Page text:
Total Balance: For those that want something better than basic that will be with them for years but don’t feel like paying a premium for bells and whistles that will ultimately lie dormant, there is the R6250. It is a marginal step up from your basic 802.11n router and introduces users to the wide world of 802.11ac, which is slightly faster, but only for devices that can use it. It can reach up to 1300 Mbps, but that only works in theory. Actual performance is markedly lower, though still better than any other entry-level 802.11ac model you’ll find. The issue you will encounter is older devices are reduced to only 300 Mbps of data rather than the 450 or 600 Mbps that can be found at higher costs.

It has an internal transformer so there is no power brick to go along with the cord. It is easier to plug in and there are fewer external parts to kick around. The back has a USB 3.0 port which works surprisingly well with most peripherals. You’ll get WPA/WPA2 security to lock the router away from intruders. The single thing that made this stand out in our minds was the Beamforming addition. It uses the Wi-Fi signal of connected devices and then broadcasts toward them as best it can to help keep the signal moving where you actually use it rather than sending it through an outdoor wall or off into the ether. For an inexpensive 802.11ac that forgets about older technology, this is a great buy. [Purchase: $162]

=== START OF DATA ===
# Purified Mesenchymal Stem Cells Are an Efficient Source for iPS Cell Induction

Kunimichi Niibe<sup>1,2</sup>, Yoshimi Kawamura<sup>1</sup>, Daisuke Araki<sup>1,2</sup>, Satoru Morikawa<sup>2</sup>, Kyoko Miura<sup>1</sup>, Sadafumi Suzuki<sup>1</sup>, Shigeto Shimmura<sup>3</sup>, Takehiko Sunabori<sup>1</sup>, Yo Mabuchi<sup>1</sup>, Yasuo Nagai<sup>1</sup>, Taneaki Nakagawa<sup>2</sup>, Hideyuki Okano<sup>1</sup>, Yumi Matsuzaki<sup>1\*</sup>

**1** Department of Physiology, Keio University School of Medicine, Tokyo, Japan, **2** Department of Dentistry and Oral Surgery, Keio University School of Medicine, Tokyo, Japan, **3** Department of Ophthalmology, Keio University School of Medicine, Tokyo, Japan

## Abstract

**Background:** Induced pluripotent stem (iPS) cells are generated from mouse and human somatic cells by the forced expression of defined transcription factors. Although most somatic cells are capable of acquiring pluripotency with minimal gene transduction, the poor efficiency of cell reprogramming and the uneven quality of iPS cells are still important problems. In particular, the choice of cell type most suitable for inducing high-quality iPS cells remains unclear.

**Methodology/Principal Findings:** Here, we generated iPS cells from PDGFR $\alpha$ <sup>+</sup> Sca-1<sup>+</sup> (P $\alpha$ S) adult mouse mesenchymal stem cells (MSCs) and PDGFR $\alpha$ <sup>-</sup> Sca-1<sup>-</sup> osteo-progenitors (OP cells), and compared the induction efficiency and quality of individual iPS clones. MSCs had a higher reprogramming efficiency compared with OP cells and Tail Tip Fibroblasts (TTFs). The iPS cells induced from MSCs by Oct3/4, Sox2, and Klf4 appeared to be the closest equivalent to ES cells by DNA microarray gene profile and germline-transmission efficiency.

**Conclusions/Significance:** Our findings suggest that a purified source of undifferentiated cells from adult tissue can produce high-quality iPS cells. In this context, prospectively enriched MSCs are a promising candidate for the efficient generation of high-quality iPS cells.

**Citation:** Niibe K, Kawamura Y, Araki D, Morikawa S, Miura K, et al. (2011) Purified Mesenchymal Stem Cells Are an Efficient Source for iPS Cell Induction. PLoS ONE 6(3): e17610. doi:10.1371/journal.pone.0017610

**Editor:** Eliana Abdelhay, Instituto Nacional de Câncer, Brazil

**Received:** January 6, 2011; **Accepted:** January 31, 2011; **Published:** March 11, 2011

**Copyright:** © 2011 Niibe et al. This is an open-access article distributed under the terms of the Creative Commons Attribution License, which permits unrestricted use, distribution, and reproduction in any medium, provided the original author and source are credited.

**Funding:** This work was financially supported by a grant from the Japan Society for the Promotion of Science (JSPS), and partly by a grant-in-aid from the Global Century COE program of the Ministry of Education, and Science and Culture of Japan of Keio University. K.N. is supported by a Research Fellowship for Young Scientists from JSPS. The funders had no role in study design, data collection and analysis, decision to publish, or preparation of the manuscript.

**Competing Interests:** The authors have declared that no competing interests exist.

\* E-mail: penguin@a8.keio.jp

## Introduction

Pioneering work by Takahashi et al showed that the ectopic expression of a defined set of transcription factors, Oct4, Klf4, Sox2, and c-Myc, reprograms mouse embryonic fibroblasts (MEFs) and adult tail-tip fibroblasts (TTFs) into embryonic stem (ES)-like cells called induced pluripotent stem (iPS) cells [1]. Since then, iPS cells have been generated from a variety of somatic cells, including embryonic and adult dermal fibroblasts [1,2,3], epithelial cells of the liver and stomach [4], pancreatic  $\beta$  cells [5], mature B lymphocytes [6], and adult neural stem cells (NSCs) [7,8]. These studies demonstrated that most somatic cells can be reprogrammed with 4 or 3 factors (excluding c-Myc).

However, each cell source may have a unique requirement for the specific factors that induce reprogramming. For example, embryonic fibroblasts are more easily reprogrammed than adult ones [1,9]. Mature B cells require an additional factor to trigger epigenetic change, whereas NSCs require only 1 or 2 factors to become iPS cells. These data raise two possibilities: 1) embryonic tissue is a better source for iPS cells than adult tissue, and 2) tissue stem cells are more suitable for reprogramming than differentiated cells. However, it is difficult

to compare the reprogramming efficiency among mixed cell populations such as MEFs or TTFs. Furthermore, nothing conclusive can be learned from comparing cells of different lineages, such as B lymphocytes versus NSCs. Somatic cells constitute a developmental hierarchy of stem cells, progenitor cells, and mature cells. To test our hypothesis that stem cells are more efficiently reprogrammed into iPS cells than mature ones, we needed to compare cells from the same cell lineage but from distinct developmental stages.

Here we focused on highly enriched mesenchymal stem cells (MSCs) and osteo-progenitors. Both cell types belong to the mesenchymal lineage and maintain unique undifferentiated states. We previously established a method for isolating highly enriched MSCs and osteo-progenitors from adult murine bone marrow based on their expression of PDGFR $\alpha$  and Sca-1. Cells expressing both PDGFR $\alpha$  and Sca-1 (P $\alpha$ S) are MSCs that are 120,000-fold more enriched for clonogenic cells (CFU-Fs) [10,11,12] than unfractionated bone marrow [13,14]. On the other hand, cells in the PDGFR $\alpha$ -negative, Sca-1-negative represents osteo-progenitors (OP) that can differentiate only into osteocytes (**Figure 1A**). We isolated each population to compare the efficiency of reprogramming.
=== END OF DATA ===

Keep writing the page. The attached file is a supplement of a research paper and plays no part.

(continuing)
TrendNet AC1900

TrendNet AC1900 Wireless Router